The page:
As I mentioned, API 1509 had made some allowances for relaxing category requirements to make it easier to get a universal oil into the marketplace. With the introduction of CK-4 and FA-4, there is no relaxation. A CK-4 or FA-4 oil must meet all of the requirements of the S category for gasoline engine oils that it is claiming as a universal oil. Well, all of the active S categories have some restriction on phosphorus content. In fact API SN, which is the most current gasoline category, has an 800 ppm limit on phosphorus.
Fords contention is that some oils meeting the CK-4 or FA-4 specifications may lack the level of phosphorus required to adequately protect their 6.7L diesel engine. The 6.7L is important to Ford since it is one of the two engines sold in their perennial number one in sales: pickup trucks. About 200,000 6.7L engines are used annually in Ford pickups and are touted as the most powerful engines in their line. For 2017, these engines put out 440 horsepower with 860 foot-pounds of torque.
Fords response to this situation is to not recommend CK-4 or FA-4 to service any Ford diesel engines at this time. Ford will continue to recommend CJ-4 oils with more than 1,000 ppm phosphorus. In addition, these should be oils that were licensed to CJ-4 prior to 2016-without showing CK-4 in the API donut logo.
Historically Ford has always recommended API diesel categories for its engines. Now the company is requesting that API change both CK-4 and FA-4 to include a minimum phosphorus level of 1,000 ppm. The OEM also wants oils with less than 1,000 ppm to be labeled as low phosphorus as a part of licensing.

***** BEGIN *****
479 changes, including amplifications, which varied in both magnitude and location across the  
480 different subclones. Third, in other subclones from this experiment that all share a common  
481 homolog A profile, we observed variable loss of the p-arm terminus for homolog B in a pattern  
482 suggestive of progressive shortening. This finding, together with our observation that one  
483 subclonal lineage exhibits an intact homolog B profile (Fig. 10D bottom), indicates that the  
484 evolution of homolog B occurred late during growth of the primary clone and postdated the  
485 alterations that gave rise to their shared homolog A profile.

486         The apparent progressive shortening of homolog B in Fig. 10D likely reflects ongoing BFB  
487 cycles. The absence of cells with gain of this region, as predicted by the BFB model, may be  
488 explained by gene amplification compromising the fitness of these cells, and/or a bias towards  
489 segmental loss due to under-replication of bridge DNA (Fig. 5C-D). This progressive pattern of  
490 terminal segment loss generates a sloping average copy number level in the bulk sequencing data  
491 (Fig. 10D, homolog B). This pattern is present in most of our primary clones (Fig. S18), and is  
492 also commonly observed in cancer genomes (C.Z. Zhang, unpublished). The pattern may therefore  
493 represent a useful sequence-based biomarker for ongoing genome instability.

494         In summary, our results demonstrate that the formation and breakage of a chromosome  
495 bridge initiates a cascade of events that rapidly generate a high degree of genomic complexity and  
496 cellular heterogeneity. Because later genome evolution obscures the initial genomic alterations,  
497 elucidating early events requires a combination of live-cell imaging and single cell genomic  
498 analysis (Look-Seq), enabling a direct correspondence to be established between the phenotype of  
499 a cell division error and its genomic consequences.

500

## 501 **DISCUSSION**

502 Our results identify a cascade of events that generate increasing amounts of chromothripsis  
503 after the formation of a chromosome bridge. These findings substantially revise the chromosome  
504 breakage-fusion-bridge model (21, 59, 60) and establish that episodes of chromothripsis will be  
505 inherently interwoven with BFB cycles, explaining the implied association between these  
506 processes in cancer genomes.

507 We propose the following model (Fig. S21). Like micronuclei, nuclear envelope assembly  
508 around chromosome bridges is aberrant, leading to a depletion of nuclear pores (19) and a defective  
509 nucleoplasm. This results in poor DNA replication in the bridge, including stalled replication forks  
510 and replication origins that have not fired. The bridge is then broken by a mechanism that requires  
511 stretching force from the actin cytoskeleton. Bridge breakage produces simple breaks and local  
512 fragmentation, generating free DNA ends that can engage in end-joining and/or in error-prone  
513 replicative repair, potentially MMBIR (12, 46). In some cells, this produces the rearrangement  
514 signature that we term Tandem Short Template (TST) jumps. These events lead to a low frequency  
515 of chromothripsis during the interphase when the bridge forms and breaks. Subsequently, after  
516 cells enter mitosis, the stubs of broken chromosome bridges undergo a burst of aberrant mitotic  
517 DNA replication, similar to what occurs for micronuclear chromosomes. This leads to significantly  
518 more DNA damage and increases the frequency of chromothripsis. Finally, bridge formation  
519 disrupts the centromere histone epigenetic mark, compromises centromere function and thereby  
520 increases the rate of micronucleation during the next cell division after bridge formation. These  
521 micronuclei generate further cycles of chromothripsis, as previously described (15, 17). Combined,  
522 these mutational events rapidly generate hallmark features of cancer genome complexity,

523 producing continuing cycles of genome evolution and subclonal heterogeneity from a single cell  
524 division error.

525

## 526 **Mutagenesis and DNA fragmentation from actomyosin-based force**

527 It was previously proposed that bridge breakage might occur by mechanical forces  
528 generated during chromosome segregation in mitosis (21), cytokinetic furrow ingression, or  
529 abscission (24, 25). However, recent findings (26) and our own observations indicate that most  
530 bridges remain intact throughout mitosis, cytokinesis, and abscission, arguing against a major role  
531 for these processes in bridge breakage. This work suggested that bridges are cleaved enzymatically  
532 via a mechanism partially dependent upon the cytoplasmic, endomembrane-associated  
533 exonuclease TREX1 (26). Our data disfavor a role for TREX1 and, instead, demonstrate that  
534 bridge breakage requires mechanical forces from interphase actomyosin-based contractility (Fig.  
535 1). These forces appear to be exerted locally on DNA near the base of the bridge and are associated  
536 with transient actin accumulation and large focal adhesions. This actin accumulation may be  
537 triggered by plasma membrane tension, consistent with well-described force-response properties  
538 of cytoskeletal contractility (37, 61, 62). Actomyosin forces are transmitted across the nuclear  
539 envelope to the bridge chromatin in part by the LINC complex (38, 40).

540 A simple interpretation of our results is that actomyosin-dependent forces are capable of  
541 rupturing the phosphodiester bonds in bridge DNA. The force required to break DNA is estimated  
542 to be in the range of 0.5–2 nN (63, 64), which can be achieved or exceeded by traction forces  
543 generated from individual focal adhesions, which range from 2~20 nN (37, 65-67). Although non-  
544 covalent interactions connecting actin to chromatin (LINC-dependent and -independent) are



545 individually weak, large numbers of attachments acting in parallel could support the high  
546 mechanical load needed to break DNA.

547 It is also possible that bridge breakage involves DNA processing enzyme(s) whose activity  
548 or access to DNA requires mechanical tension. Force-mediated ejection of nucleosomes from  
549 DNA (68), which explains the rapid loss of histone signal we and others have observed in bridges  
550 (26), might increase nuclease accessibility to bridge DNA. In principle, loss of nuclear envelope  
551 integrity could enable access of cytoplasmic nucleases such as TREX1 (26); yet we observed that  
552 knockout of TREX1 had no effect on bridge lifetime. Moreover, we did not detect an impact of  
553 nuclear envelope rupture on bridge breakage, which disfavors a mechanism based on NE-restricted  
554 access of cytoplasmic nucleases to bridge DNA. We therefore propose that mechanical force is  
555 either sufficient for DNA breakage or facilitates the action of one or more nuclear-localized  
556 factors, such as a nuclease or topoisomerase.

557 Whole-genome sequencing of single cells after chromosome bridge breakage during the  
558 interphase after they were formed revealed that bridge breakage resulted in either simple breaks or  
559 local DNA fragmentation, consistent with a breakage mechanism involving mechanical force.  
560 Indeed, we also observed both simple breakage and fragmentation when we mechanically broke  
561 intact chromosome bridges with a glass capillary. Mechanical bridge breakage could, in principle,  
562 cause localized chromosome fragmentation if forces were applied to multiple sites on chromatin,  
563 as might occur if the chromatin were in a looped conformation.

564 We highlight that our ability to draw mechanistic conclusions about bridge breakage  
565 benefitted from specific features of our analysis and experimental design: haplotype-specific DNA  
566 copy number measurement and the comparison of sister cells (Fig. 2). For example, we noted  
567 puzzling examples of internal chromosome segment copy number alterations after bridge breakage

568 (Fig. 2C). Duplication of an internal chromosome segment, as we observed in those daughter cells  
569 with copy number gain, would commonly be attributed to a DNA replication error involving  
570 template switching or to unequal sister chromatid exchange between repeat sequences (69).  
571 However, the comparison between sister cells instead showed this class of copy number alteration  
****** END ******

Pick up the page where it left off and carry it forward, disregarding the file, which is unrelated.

In addition, Ford has introduced a new specification that will contain additional wear requirements, identified as WSS-M2C171-F1. They will have an official approval program for this specification and publish an approved products list. The new specification includes all CK-4 requirements and limits, plus a Ford 6.7L valve train wear test. Test development is in progress with estimated completion in the first quarter of 2017. At that point, the new test will be turned over to ASTM to be published as an industry standard test procedure.
Until the 6.7L engine test is completed, Ford will require 1,000 to 1,200 ppm phosphorus, a CJ-4 formulation licensed prior to January 2016, and an antioxidant boost to meet CK-4 limits for the Volvo T-13 oxidation test. Other testing conducted on the 6.7L engine may be used if approved by Ford Motor Co. prior to testing.
Youre probably asking yourself if this is a new OEM specification that will be similar in nature to General Motors Dexos. I dont think so. It is a specialized requirement which could be eliminated if the oil marketers can demonstrate satisfactory protection using CK-4 oils in the 6.7L test. In fact, if that can be achieved, meeting Fords specification would add to an oils pedigree.